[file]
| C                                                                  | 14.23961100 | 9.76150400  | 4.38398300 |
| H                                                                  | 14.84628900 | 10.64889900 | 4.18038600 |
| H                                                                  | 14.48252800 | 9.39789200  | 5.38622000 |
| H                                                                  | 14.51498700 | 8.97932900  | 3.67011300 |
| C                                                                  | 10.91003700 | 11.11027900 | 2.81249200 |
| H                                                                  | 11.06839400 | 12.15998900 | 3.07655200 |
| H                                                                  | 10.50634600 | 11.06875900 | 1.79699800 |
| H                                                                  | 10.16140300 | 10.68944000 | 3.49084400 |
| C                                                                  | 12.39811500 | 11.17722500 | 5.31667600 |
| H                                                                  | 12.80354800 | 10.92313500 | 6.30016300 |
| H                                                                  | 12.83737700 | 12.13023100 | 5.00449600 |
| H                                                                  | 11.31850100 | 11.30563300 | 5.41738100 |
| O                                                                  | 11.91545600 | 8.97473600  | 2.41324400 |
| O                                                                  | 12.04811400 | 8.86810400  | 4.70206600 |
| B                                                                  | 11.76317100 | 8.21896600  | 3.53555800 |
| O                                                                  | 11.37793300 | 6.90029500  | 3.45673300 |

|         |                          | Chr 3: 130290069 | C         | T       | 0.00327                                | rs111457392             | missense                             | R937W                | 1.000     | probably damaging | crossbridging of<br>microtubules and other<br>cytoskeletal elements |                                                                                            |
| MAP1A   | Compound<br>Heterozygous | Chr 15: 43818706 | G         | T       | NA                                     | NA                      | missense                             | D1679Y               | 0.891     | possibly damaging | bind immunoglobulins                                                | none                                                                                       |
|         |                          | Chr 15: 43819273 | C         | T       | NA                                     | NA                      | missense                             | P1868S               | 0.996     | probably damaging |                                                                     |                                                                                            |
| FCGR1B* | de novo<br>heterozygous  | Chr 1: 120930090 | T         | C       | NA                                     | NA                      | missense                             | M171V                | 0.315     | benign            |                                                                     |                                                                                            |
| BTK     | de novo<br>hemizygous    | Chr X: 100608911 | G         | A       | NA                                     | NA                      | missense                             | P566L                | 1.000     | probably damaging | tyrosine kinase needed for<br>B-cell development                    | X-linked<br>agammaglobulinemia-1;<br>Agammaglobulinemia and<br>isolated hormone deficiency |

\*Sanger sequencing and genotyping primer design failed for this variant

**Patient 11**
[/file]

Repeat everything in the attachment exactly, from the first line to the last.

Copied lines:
| C                                                                  | 14.23961100 | 9.76150400  | 4.38398300 |
| H                                                                  | 14.84628900 | 10.64889900 | 4.18038600 |
| H                                                                  | 14.48252800 | 9.39789200  | 5.38622000 |
| H                                                                  | 14.51498700 | 8.97932900  | 3.67011300 |
| C                                                                  | 10.91003700 | 11.11027900 | 2.81249200 |
| H                                                                  | 11.06839400 | 12.15998900 | 3.07655200 |
| H                                                                  | 10.50634600 | 11.06875900 | 1.79699800 |
| H                                                                  | 10.16140300 | 10.68944000 | 3.49084400 |
| C                                                                  | 12.39811500 | 11.17722500 | 5.31667600 |
| H                                                                  | 12.80354800 | 10.92313500 | 6.30016300 |
| H                                                                  | 12.83737700 | 12.13023100 | 5.00449600 |
| H                                                                  | 11.31850100 | 11.30563300 | 5.41738100 |
| O                                                                  | 11.91545600 | 8.97473600  | 2.41324400 |
| O                                                                  | 12.04811400 | 8.86810400  | 4.70206600 |
| B                                                                  | 11.76317100 | 8.21896600  | 3.53555800 |
| O                                                                  | 11.37793300 | 6.90029500  | 3.45673300 |

|         |                          | Chr 3: 130290069 | C         | T       | 0.00327                                | rs111457392             | missense                             | R937W                | 1.000     | probably damaging | crossbridging of<br>microtubules and other<br>cytoskeletal elements |                                                                                            |
| MAP1A   | Compound<br>Heterozygous | Chr 15: 43818706 | G         | T       | NA                                     | NA                      | missense                             | D1679Y               | 0.891     | possibly damaging | bind immunoglobulins                                                | none                                                                                       |
|         |                          | Chr 15: 43819273 | C         | T       | NA                                     | NA                      | missense                             | P1868S               | 0.996     | probably damaging |                                                                     |                                                                                            |
| FCGR1B* | de novo<br>heterozygous  | Chr 1: 120930090 | T         | C       | NA                                     | NA                      | missense                             | M171V                | 0.315     | benign            |                                                                     |                                                                                            |
| BTK     | de novo<br>hemizygous    | Chr X: 100608911 | G         | A       | NA                                     | NA                      | missense                             | P566L                | 1.000     | probably damaging | tyrosine kinase needed for<br>B-cell development                    | X-linked<br>agammaglobulinemia-1;<br>Agammaglobulinemia and<br>isolated hormone deficiency |

\*Sanger sequencing and genotyping primer design failed for this variant

**Patient 11**